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Student Leadership in Curriculum Development and Reform project Presented by Kylie Jackson - Project Manager (UWS) Supported by the Australian Government.

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Presentation on theme: "Student Leadership in Curriculum Development and Reform project Presented by Kylie Jackson - Project Manager (UWS) Supported by the Australian Government."— Presentation transcript:

1 Student Leadership in Curriculum Development and Reform project Presented by Kylie Jackson - Project Manager (UWS) Supported by the Australian Government Office for Learning and Teaching

2 About the project 2 year project (Jul 2013 – Jun 2015) The project is being supported by the Australian Government Office for Learning and Teaching UWS lead institution 6 project partners (NUS, La Trobe, UQ, USQ, UniSA, USYD)/Reference group (including National/International HE consultants and CAPA President Meghan Hopper) Critical appraisal of student leadership roles in governance, management and operational frameworks of Australian universities (curriculum development delivery, review and improvement) Project team will consult with students (undergraduate/postgraduate) across universities to understand issues of importance and establish a framework to make sure student voice is heard and responded to in appropriate ways.

3 Background to the project Many mechanisms for gathering student input/student voice, little analysis of the validity and effectiveness of these strategies and how they could be improved. Importance of student contributions to enhance the quality of their educational experience Current challenges faced in developing valid, productive roles for student leaders in curriculum development (Lizzio & Wilson, 2009), include: ◦Role ambiguity ◦Lack of experience ◦Poor student training for leadership ◦Attitudes and expectations of staff ◦Systemic difficulties (including unaligned policies, poor committee structures and other governance related activities)

4 What will the project do? Stock take what is currently taking place in Higher Education sector The project will deliver: ◦Good practice frameworks, guidelines and practical resources for empowering students to participate in curriculum development for L&T improvement ◦Resources for change management in this area, including:  case studies (reflecting good practice)  Documented challenges at institutional, staff and student level/suggestions on how these might be addressed  Clearly defined roles, performance indicators, training needs and leadership capabilities  Workshops and national forums to appraise findings and identify and validate key recommendations and guidelines for action. ◦Network of institutions committed to sharing practice and learning, using a common analytical lens/contributing to framework (though online surveys and focus groups), to understand effective practice of student participation in curriculum development and improvement ◦Key recommendations (Summary report) ◦National and International publications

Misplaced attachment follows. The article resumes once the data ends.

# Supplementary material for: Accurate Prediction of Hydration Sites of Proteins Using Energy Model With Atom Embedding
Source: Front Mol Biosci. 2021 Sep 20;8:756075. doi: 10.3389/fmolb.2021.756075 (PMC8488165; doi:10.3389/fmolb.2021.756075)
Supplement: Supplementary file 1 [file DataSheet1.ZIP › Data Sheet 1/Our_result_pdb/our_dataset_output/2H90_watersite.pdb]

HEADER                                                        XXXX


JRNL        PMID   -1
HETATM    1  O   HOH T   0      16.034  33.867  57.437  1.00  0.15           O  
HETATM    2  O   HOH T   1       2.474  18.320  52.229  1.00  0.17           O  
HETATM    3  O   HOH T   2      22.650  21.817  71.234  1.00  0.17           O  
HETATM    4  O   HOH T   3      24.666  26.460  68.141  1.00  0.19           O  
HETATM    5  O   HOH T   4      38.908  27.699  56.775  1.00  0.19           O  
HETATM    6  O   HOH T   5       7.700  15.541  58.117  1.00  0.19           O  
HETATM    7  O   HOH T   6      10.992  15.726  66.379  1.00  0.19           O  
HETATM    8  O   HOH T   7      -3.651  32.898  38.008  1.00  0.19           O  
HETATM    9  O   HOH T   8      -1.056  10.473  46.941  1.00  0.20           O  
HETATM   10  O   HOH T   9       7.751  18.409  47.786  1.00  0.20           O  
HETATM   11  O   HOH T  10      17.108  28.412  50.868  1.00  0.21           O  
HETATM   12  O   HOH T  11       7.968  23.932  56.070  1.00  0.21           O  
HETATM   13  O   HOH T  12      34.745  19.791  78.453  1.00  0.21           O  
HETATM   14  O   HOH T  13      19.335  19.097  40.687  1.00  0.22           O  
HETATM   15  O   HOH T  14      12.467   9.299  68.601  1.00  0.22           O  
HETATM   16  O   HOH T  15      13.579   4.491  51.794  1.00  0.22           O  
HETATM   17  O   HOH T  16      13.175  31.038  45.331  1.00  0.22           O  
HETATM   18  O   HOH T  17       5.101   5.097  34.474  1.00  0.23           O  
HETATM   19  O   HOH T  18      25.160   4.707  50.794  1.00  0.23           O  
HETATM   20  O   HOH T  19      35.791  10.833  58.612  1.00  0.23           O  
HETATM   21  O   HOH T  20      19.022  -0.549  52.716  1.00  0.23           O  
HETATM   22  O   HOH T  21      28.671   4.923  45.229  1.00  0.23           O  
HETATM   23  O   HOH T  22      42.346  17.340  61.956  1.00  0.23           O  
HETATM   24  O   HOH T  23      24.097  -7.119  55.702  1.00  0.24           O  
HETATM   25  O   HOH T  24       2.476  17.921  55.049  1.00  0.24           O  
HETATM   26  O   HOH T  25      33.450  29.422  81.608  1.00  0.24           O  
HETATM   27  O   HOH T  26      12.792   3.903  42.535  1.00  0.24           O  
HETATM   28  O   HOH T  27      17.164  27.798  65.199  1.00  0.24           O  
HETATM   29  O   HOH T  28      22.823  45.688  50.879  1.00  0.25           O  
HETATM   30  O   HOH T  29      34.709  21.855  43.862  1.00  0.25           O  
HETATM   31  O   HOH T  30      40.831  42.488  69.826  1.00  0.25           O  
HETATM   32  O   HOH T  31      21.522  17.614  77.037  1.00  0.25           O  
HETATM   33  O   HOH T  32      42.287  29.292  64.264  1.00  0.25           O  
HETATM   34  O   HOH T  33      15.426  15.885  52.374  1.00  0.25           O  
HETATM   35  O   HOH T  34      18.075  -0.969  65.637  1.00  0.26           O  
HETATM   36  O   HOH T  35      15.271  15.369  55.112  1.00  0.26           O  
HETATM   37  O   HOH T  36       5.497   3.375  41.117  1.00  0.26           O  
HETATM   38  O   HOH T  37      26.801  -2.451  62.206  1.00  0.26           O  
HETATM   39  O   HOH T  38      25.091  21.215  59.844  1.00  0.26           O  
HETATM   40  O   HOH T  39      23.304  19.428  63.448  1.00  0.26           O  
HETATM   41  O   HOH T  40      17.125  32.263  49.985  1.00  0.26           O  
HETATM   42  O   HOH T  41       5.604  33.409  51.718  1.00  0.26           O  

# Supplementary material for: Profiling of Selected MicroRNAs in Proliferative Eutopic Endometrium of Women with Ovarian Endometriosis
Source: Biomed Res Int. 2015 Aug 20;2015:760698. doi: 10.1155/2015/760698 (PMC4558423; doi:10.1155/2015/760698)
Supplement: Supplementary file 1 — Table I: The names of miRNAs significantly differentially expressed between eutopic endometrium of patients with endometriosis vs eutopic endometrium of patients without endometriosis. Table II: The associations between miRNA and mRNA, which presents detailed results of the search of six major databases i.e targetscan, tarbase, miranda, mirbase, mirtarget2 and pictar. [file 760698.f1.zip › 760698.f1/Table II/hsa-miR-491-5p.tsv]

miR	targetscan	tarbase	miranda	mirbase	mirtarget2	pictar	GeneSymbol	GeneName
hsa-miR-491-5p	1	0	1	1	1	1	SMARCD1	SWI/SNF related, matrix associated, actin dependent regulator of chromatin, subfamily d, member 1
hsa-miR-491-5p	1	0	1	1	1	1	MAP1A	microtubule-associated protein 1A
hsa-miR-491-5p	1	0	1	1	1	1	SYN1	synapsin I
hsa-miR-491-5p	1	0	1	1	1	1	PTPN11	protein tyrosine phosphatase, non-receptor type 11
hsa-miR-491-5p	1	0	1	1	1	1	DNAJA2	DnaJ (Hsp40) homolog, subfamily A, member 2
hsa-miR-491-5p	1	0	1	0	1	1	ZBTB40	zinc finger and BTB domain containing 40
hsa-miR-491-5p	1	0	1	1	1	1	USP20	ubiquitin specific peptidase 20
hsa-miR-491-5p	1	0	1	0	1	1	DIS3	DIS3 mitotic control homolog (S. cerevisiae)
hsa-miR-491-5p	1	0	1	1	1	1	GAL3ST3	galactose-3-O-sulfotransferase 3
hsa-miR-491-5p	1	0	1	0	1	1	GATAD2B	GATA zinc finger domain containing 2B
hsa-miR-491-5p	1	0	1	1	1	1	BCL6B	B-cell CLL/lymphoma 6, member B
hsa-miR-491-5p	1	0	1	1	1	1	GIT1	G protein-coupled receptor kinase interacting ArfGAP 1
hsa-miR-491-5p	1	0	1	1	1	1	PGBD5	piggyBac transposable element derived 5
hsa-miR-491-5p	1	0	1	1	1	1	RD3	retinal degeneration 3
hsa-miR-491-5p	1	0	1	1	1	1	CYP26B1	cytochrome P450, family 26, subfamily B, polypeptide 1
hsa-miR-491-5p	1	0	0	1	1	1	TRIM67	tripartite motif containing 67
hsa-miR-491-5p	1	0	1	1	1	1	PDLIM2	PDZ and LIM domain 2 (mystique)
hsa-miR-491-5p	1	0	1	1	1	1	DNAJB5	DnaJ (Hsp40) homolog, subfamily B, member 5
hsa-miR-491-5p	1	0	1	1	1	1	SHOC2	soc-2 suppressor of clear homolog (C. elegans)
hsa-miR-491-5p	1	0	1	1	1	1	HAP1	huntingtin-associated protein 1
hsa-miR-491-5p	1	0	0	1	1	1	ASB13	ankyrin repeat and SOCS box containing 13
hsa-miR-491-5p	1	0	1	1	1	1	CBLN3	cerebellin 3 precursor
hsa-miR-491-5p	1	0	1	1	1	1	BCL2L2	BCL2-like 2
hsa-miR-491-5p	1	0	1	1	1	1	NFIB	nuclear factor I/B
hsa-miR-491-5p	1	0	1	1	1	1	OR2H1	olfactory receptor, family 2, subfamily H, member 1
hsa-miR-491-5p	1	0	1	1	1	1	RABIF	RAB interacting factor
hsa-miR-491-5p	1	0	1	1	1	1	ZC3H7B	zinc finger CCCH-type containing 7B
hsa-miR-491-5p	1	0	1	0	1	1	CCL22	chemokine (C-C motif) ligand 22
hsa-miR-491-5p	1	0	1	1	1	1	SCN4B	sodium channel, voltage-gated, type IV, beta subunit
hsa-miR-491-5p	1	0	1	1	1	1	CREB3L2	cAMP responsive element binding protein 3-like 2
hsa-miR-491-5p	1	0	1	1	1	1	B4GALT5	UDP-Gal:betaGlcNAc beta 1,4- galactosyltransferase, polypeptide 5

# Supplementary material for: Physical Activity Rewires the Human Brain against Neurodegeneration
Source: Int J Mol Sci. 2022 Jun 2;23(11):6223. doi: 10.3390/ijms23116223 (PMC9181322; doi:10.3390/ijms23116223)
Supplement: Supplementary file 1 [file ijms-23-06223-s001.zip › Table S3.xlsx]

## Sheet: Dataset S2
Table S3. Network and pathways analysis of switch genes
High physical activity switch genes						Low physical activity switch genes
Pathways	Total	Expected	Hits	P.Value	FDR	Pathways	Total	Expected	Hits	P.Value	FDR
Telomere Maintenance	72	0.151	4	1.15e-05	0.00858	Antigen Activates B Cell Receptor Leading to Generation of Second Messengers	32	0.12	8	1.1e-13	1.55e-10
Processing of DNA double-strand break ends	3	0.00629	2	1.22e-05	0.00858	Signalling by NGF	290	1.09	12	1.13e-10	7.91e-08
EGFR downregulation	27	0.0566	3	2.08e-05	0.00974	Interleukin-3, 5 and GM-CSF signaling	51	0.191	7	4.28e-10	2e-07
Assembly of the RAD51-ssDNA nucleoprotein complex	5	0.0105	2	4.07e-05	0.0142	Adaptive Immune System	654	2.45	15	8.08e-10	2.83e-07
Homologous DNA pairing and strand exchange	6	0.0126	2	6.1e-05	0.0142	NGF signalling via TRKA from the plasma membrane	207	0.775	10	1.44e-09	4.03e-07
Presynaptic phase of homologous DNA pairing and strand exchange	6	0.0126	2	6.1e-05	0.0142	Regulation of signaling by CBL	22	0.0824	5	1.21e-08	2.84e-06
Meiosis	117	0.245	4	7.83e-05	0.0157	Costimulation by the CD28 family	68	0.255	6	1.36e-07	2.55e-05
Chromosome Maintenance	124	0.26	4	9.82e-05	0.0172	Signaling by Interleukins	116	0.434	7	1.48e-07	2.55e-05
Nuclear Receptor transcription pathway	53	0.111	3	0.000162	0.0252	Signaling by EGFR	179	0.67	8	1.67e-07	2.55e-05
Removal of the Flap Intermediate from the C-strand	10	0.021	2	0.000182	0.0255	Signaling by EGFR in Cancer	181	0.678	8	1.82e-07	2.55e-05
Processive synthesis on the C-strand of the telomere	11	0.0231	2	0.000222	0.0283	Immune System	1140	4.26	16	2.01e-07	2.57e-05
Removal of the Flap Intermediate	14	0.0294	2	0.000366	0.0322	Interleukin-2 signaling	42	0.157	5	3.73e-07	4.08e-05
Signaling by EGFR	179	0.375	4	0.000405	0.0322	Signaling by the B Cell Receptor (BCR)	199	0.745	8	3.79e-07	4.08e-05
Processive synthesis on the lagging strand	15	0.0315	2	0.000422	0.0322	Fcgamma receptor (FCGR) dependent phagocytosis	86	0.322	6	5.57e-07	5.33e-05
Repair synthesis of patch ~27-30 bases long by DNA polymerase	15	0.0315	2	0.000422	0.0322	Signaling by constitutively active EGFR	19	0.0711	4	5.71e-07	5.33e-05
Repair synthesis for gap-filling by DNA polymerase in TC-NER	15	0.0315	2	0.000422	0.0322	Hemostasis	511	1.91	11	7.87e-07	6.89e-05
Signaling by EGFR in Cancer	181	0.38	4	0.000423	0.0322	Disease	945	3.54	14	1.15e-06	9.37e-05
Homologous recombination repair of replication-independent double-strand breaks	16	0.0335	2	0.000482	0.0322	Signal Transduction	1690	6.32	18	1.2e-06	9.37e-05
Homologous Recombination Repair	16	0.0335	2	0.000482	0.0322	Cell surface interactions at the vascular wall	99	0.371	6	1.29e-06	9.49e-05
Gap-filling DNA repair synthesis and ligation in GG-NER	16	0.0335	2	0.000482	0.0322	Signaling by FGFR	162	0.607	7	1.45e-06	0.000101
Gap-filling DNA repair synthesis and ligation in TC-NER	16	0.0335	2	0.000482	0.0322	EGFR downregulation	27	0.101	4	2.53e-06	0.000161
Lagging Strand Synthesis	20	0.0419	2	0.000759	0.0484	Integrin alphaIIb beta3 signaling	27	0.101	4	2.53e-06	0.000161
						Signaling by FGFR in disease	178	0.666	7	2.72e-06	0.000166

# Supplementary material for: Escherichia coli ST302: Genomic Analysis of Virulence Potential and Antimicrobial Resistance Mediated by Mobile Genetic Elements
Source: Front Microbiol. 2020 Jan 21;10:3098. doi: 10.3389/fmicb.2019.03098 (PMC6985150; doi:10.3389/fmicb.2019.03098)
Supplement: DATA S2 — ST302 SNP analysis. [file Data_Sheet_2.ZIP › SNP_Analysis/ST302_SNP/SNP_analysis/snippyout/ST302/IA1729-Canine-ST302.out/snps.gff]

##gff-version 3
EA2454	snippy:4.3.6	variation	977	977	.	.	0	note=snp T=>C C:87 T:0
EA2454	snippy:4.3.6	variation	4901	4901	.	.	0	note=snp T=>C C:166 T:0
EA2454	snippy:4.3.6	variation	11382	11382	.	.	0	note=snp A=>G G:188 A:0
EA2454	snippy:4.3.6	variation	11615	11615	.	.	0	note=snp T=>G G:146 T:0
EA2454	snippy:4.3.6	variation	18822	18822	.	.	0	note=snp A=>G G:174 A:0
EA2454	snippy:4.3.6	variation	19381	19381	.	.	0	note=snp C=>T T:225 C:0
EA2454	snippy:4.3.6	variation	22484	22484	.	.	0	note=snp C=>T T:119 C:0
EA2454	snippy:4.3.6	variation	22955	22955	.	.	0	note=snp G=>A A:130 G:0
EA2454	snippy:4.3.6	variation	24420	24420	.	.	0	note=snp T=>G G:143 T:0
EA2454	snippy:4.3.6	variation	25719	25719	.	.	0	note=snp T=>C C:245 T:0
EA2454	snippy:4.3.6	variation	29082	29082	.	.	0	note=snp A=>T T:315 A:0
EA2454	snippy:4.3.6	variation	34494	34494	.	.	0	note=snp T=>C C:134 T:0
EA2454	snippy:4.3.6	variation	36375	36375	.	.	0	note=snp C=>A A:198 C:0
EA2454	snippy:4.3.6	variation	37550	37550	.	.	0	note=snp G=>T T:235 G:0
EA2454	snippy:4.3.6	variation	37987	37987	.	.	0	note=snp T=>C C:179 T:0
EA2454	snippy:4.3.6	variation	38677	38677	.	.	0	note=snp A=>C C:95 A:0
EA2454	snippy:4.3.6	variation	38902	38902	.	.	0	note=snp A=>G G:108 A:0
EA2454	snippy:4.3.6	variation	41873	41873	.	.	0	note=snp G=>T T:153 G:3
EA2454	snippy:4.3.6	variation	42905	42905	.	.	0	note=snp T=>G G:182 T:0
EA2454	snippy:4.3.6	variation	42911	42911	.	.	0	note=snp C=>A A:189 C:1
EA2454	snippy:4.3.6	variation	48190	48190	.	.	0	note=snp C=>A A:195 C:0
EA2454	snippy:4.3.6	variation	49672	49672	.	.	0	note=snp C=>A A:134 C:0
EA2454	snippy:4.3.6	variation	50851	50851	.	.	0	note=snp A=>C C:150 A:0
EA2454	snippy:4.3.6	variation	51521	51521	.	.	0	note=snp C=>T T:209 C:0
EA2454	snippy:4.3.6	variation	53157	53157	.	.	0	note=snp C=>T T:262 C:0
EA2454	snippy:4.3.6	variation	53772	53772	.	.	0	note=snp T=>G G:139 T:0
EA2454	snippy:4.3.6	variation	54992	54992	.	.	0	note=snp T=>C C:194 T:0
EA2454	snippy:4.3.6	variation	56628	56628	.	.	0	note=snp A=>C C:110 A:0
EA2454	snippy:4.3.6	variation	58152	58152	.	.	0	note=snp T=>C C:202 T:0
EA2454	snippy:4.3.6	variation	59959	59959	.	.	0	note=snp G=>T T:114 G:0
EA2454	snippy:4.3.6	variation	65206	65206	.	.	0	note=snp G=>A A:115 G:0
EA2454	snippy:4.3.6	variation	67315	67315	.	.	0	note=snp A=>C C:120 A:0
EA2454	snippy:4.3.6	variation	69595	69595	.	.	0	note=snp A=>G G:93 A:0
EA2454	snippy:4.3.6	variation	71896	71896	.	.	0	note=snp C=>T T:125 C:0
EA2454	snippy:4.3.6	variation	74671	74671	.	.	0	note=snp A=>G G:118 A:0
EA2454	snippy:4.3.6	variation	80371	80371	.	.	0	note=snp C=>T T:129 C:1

5 Why is the project so important? The project’s outcomes will address a number of pressing needs in Higher Education in Australia. Specifically: The resources developed will support greater and valid student participation in learning, teaching and curriculum development. The delivery of practical and productive models of what constitutes an effective partnership between teachers and learners to assure the student learning quality of our universities. Ensuring that ways in which students are supported as leaders to participate in learning, teaching and curriculum development are applicable to their participation as leaders in other activities within the institution and in the wider community, resulting in additional benefits for the higher education sector and Australia more generally.

6 How to contribute? We are currently undertaking a mapping exercise of student leadership roles in Universities WORKSHOP Typology of student leadership roles: ◦Presidents of student guilds/unions ◦Faculty and school representatives ◦Class and unit representatives ◦Representatives of discipline based clubs and societies ◦Student-led learning community leaders ◦Individual student voice (surveys/direct conversations) ◦Office holders in special interest Clubs and Societies If you have any comments or thoughts on student leadership and want to share your views with the project team, please


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